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Geophysical Monograph Series

 

Keywords

  • Rain forest ecology—Amazon River Region
  • Biosphere—Research—Amazon River Region
  • Climatic changes—Amazon River Region
  • Amazon River Region—Climate

Article

GEOPHYSICAL MONOGRAPH SERIES, VOL. 186, PP. 117-143, 2009

Small farmers and deforestation in Amazonia

Eduardo S. Brondízio

Department of Anthropology and Anthropological Center for Training and Research on Global Environmental Change, Indiana University, Bloomington, Indiana, USA


Anthony Cak

School of Public and Environmental Affairs and Anthropological Center for Training and Research on Global Environmental Change, Indiana University, Bloomington, Indiana, USA


Marcellus M. Caldas

Department of Geography, Kansas State University, Manhattan, Kansas, USA


Carlos Mena


Richard Bilsborrow

Biostatistics Department and Carolina Population Center, University of North Carolina, Chapel Hill, North Carolina, USA


Celia T. Futemma

Sorocaba Campus, Universidade Federal de São Carlos, São Paulo, Brazil


Thomas Ludewigs

Center for Sustainable Development, University of Brasília, Brasília, Brazil


Emilio F. Moran

Department of Anthropology and Anthropological Center for Training and Research on Global Environmental Change, Indiana University, Bloomington, Indiana, USA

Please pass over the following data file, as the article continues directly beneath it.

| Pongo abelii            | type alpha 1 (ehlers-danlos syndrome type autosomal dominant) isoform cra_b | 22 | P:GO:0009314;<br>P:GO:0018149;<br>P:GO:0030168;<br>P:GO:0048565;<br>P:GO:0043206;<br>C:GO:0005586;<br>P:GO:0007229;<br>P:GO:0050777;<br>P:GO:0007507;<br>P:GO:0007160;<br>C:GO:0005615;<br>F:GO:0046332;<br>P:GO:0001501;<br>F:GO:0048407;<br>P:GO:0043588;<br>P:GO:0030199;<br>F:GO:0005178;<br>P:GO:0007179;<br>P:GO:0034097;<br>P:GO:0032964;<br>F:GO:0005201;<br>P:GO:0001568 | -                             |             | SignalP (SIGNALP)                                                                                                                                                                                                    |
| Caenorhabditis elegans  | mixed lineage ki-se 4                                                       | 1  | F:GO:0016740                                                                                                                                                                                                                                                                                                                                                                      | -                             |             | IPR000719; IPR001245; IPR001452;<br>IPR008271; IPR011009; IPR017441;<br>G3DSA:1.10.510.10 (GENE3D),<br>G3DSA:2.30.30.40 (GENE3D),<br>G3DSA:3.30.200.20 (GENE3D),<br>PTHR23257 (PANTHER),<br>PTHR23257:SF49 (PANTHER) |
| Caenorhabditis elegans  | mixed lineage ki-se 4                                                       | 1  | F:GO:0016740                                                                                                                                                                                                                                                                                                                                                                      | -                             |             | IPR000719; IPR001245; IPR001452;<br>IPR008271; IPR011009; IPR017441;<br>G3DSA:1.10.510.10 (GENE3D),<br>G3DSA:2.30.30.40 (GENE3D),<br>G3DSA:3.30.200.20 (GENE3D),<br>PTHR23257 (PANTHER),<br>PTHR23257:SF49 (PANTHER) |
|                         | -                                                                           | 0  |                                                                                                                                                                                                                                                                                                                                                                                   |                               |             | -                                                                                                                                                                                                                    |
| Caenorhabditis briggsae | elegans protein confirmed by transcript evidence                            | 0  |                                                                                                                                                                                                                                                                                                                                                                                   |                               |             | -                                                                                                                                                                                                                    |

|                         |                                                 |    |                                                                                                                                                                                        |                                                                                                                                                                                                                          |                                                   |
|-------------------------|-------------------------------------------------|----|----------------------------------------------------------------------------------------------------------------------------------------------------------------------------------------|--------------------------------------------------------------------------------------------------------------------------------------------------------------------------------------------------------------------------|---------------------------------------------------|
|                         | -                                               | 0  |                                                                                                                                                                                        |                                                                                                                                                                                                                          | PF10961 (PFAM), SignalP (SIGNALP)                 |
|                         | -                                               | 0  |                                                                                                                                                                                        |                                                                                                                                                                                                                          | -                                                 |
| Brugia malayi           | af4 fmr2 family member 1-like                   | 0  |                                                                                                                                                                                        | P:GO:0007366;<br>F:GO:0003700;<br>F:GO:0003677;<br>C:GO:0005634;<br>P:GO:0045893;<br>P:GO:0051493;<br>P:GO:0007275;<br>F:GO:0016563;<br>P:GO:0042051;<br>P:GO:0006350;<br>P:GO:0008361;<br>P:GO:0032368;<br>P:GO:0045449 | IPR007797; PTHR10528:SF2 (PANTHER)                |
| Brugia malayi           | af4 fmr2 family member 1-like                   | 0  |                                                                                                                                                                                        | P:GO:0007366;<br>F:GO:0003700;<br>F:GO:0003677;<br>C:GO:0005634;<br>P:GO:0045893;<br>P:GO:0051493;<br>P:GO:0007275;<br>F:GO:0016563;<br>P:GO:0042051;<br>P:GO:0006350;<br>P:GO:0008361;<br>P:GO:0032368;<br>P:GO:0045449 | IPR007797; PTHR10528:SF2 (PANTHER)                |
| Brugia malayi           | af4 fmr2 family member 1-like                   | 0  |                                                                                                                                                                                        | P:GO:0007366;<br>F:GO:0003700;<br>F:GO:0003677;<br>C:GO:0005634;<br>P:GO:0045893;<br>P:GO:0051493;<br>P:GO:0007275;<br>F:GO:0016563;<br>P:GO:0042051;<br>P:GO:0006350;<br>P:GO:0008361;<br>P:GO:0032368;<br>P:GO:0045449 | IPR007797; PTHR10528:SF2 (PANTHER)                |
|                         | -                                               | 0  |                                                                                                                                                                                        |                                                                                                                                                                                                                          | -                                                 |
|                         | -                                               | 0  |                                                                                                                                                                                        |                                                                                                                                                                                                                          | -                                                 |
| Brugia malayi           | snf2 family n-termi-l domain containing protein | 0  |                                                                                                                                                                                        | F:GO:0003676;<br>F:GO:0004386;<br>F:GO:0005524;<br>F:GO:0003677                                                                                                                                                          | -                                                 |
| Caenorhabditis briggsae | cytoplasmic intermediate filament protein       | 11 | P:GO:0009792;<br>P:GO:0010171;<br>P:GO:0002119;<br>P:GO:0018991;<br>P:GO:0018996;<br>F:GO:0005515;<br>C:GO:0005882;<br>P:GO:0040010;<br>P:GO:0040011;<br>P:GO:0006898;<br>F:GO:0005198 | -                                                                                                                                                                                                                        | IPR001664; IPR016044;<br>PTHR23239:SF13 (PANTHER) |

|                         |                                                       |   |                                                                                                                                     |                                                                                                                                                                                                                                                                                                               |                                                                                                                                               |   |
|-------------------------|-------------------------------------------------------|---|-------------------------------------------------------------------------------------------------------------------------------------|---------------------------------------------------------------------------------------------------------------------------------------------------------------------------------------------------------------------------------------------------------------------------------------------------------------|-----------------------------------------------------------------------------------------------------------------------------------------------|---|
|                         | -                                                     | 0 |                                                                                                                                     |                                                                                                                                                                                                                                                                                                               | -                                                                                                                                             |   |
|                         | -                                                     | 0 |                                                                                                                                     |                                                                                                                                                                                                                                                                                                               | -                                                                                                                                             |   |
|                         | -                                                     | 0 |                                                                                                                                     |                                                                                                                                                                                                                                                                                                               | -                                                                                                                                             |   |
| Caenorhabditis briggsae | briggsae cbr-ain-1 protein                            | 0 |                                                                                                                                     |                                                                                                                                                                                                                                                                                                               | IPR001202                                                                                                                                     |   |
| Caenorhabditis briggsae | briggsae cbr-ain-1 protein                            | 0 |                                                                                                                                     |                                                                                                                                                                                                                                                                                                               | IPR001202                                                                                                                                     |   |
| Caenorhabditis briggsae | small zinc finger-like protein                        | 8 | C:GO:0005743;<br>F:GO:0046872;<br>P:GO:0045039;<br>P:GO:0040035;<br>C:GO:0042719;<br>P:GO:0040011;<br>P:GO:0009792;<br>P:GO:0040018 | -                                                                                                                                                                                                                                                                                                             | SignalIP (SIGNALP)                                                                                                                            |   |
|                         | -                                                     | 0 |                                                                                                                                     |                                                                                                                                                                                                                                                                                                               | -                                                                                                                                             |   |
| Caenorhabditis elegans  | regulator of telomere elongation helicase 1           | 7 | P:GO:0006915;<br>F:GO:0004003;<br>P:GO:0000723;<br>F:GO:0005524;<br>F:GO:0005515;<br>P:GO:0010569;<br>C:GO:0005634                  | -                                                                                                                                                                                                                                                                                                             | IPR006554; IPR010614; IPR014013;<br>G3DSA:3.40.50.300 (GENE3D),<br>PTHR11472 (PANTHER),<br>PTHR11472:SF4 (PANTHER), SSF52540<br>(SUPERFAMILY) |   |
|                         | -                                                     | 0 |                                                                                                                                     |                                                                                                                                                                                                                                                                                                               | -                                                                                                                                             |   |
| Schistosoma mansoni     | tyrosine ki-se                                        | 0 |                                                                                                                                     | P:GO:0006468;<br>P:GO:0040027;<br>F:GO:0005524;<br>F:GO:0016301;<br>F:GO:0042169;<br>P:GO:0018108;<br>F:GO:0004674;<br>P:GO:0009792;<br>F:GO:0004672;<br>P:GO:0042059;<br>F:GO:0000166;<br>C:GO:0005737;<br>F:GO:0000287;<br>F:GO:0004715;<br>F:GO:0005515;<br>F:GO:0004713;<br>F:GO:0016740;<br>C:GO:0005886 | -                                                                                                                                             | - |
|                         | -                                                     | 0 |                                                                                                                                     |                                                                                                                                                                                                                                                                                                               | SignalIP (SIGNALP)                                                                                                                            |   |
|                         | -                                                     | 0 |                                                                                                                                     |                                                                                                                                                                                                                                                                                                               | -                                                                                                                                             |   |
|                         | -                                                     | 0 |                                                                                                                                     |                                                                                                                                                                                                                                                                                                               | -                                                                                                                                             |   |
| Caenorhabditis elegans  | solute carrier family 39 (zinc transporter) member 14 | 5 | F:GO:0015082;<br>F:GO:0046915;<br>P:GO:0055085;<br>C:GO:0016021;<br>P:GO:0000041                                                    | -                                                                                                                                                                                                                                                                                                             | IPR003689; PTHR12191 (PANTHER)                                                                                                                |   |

Mateus Batistella

Embrapa Monitoriamento por Satélite, Campinas, Brazil


This chapter discusses the relationship between small farmers' land use and deforestation, with particular attention paid to the past 30 years of Amazonian colonization in Brazil and Ecuador. Our analysis calls attention to common features uniting different social groups as small farmers (e.g., social identity, access to land and resources, technology, market, and credit), as well as the variability between small farmers in terms of time in the region (from native populations to recent colonists), contribution to regional deforestation, types of land use systems. At a regional level, small farmers contribute to the majority of deforestation events, but are responsible for only a fraction of the total deforested area in Amazonia. We discuss three misconceptions that have been used to define small farmers and their contribution to the regional economy, development, and deforestation: (1) small farmers have backward land use systems associated with low productivity and extensive deforestation and subsistence production, (2) small farmers contribute to Amazonian deforestation as much as large farmers, and (3) small farmers, particularly colonist farmers, follow an inexorable path of deforestation unless curbed by government action. We conclude the chapter discussing their growing regional importance and the need for more inclusive public policies concerning infrastructure and services and valorization of resources produced in rural areas of Amazonia.

Citation: Brondízio, E. S., A. Cak, M. M. Caldas, C. Mena, R. Bilsborrow, C. T. Futemma, T. Ludewigs, E. F. Moran, and M. Batistella (2009), Small farmers and deforestation in Amazonia, in Amazonia and Global Change, Geophys. Monogr. Ser., vol. 186, edited by M. Keller et al., pp. 117–143, AGU, Washington, D. C., doi:10.1029/2008GM000716.

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